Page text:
At the Big Wide World blog, Charlie Ball from the UK's Higher Education Careers Services Unit says that while almost everyone agrees that more science graduates are needed and that more science teachers need to encourage students to go into STEM fields, it's not entirely clear what is meant by 'needing more.' New data shows that initiatives geared toward getting young people into science aren't working, Ball says. Despite complaints that there aren't enough people doing research, there's also a high number of unemployed science grads and PhDs. "This is an issue because these are the figures that will be going onto the websites that the A-level students of the future will be using to check the employment prospects of the courses they're going to be paying a lot of money for," Ball says. "When they see the outcomes for science courses compared to other subject that aren't suffering a 'shortage', some of them are going to wonder what on earth the fuss is about." The answer isn't that there's a shortage of scientists, but that there's a shortage of good scientists, he adds. When it's said that there's a need for more science grads, does that mean biologists, chemists, or other disciplines? Do the students need more technical skills or more "employability" skills? Is it a need for more PhDs, or more master's students? It's important for the scientific community to clarify what it means when it says that there's a shortage of science grads, Ball says. "Now, does anyone know a group of people who like detail, wrangling complex problems and coming up with practical solutions, who don't take statements uncritically at face value, who are unafraid of hard work and who would really, really like UK science to thrive, to tackle these questions? Hmm, maybe we do need more scientists after all," he adds.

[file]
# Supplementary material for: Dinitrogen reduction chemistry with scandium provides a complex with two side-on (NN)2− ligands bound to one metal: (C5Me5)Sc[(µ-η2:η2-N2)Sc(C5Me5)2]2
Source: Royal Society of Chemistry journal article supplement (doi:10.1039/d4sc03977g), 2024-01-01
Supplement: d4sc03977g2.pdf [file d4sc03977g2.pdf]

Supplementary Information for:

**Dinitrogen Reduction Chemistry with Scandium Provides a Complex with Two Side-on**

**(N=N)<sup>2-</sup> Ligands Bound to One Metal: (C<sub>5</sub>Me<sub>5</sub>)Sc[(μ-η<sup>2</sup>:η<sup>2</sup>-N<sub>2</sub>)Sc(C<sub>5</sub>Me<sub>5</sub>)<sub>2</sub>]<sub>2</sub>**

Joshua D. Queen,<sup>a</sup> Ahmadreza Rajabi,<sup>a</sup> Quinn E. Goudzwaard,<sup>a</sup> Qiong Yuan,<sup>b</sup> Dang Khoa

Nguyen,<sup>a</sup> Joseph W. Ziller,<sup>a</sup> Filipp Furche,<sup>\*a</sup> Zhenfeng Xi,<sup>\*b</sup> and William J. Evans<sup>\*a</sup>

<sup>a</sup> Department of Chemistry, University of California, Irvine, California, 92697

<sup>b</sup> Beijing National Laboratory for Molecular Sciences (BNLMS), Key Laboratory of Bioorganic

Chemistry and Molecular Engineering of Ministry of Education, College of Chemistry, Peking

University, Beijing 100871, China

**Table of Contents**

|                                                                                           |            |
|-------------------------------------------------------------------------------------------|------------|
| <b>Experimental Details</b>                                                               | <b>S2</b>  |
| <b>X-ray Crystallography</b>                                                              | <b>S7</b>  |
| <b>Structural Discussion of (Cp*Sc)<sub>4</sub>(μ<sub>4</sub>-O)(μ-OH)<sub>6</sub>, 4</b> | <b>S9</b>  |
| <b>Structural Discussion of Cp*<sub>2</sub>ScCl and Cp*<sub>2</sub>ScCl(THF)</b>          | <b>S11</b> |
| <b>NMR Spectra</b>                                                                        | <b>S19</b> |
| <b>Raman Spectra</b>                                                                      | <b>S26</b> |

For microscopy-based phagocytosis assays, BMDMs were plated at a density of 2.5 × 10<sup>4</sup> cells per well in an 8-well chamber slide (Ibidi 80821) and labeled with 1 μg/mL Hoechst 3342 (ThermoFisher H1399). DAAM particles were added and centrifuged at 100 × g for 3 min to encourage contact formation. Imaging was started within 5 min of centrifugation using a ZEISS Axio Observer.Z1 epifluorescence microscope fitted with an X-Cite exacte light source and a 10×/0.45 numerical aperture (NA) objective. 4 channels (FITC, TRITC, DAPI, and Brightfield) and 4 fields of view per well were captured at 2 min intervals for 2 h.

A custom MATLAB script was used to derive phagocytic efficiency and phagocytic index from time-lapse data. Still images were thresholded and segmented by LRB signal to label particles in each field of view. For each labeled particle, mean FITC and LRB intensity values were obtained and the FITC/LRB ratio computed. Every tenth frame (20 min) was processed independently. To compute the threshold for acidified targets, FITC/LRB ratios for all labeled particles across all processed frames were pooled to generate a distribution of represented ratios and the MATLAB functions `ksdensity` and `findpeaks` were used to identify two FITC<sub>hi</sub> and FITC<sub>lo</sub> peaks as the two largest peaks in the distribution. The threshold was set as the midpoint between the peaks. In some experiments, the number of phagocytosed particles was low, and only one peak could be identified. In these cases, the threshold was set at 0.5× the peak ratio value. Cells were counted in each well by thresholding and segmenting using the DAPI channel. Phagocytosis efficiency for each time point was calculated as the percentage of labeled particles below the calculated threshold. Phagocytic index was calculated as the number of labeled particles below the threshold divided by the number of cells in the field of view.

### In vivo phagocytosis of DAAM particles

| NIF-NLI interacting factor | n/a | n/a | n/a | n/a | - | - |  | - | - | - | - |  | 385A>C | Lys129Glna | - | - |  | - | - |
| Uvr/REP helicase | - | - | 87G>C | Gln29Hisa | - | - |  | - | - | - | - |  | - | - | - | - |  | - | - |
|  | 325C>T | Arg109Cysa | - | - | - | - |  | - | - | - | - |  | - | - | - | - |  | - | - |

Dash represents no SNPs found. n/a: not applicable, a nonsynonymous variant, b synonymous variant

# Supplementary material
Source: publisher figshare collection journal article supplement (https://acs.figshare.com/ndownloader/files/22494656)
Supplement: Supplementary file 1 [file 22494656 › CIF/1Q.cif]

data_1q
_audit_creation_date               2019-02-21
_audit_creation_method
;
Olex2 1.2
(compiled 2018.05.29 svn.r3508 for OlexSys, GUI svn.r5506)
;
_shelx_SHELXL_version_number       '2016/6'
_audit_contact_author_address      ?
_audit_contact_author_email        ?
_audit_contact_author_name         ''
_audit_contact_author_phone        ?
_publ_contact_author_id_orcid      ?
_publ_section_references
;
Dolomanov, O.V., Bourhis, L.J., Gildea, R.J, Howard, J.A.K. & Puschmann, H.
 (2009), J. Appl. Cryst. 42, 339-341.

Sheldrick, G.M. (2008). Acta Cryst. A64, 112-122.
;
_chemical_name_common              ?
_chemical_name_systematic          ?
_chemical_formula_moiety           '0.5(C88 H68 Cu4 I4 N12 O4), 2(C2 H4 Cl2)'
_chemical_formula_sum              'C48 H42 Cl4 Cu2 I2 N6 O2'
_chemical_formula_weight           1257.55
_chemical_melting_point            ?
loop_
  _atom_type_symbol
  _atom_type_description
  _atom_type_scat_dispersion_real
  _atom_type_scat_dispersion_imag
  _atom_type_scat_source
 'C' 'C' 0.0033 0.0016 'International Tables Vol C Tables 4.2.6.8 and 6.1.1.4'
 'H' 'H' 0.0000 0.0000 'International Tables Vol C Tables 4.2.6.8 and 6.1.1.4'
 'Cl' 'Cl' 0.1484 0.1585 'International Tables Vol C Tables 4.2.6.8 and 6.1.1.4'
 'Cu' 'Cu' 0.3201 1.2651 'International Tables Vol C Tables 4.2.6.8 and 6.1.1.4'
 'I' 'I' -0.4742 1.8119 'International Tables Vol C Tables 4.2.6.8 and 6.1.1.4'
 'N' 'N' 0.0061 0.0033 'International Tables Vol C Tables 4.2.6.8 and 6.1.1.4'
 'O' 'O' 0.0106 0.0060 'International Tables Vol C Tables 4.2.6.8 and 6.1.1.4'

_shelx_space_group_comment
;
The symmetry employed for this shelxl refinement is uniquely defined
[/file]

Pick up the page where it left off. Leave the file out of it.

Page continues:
STEM the Tide
Jul 21, 2011